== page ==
The kinds of things people share the most are intended to show they have good taste and are well-read … and are very different from the kinds of things they actually engage with the most. - Maria Popova, Brain Pickings
Brain Pickings is a glimpse into the world of a cultural curator and the curious mind of Maria Popova. One of the voices that Tina Roth Eisenberg (aka Swissmiss) picked for the SAY 100 design channel, Maria masterfully curates interestingness — picking culture’s collective brain for tidbits of stuff that inspires, revolutionizes, or simply makes us think. Mostly, Brain Pickings is about ideas — revolutionary new ideas that no one has seen or thought of before, and old ideas that most have seen, but no one has thought of in this way before. Or as Maria puts it: "Brain Pickings is a human-powered discovery engine for interestingness, culling and curating cross-disciplinary curiosity-quenchers, and separating the signal from the noise to bring you things you didn’t know you were interested in until you are." Nice!
We checked in with Maria about the art of curation, what all this interestingness says about us collectively, how her job at TBWA/Chiat/Day feeds the curator mind – and what curators she admires.
You're an amazing curator – how would you describe your filter? My lens is one of getting people interested in things they didn't know they were interested in until they discovered them.
What are your all-time most popular posts with readers? Depends on how you quantify "popular" – there are the articles that make the rounds on the social web, like this 1895 list of don'ts for women on bicycles, the ones people bookmark and Instapaper and keep coming back to, like these 5 manifestos for the creative life, the books that people fall in love with, like Stefan G. Bucher's 344 Flowcharts, and the ones I get emails about, saying they changed people's worldview in some way, like these 5 books on the psychology of love.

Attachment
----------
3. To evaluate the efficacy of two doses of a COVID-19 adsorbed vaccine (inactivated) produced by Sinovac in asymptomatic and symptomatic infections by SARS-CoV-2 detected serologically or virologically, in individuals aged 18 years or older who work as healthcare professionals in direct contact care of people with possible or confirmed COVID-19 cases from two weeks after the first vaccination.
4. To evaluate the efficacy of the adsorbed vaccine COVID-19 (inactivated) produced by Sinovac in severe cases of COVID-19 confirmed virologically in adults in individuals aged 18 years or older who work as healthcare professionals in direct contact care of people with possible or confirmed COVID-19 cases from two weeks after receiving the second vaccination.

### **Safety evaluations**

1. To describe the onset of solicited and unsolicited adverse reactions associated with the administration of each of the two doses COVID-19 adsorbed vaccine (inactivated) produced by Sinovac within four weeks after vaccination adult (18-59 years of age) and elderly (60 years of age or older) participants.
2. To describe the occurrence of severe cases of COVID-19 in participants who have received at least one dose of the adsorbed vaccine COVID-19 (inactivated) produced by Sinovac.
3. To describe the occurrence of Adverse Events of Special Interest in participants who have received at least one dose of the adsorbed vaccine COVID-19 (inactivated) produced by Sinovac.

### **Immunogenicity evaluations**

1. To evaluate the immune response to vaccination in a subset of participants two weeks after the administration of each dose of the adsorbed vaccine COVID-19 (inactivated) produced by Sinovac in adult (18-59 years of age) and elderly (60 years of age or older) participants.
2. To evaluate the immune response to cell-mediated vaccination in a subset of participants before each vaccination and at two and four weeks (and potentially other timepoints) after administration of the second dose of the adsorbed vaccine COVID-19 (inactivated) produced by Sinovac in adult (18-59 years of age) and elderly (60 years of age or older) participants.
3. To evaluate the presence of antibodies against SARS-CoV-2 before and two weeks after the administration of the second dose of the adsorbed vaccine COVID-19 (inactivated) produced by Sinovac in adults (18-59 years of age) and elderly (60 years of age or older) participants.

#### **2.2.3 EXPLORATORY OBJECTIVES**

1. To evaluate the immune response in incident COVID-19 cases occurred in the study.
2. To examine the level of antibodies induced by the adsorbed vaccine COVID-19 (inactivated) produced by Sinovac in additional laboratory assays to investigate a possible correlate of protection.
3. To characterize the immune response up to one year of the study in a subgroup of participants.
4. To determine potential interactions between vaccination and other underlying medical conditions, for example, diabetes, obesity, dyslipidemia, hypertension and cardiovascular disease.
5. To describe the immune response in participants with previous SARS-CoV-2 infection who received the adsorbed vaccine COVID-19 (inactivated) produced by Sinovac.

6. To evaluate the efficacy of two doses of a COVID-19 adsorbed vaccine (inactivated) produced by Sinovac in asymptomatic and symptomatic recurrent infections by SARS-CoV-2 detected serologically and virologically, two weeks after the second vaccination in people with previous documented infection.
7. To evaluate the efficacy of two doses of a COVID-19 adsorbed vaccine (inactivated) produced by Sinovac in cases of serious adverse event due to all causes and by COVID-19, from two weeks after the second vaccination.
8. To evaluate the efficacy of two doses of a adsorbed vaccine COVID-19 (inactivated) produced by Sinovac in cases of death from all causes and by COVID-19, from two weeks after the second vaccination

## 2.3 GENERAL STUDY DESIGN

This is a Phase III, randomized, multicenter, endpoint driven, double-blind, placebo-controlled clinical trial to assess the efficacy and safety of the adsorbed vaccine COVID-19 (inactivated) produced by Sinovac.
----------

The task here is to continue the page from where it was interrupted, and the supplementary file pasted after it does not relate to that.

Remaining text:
As an arbiter of interestingness, what do you think those most popular posts say about us collectively? I think more than anything, they bespeak a real dichotomy between our private selves and our public personas. Because the kinds of things people share the most, which are intended to show they have good taste and are well-read, are very different from the kinds of things they actually engage with the most in their private experience of information – the articles they spend the most time on, the books they actually buy, the documentaries they actually watch.
Is it ever hard to switch from curator to creator? I think, at their best, the two are inextricably intertwined. As a human being, you're a product of what you allow into your life, intellectually and creatively. As a creator, the things you create are a product of the things you consume, the things you curate for yourself, so to speak.
You also now work at TBWA/Chiat/Day – has that changed or expanded your interests at all? The relationship is the reverse – the idea was to bring my lens to how the agency thinks about creative culture and culture in general. Curiosity Counts, the Tumblr I curate for TBWA, is just one expression of that.
We've read about your media diet (whoa!). Do you ever unplug? I try. Though I'm not sure the parameters of "unplugging" are the same for me as they are for most people. For instance, most consider reading a book a form of unplugging. I do read a lot, though I'm constantly thinking about how that book relates to a myriad things I've covered in the past, what I'm going to say about it when I write about it, how it fits with my larger editorial vision. This said, I do try to have between a half an hour and an hour every day where I either meditate or do yoga.
Who are some of your other favorite curators on the Web and why? Dan Colman at Open Culture does an extraordinary job of finding the web's best educational gems, in the broadest sense of the word "education" – from traditional items like free lectures to smart documentaries to pioneering animated films and so much more. My studiomate Tina Roth Eisenberg of Swiss Miss is an exquisite design tastemaker, again in a very broad sense of "design" – from beautiful object, yes, to thoughtful quotes to smart Kickstarter projects and more. Joe Hanson does the same with science and science literacy on It's Okay To Be Smart, and Christopher Jobson does it with art on Colossal. and Clearly, the pattern is that to me a great curator expands the boundaries of curiosity around his or her discipline or area of expertise.
What would your readers be surprised to learn about you? I've never seen Star Wars in its entirety, beginning to end. I also never finished, though started many times, Infinite Jest.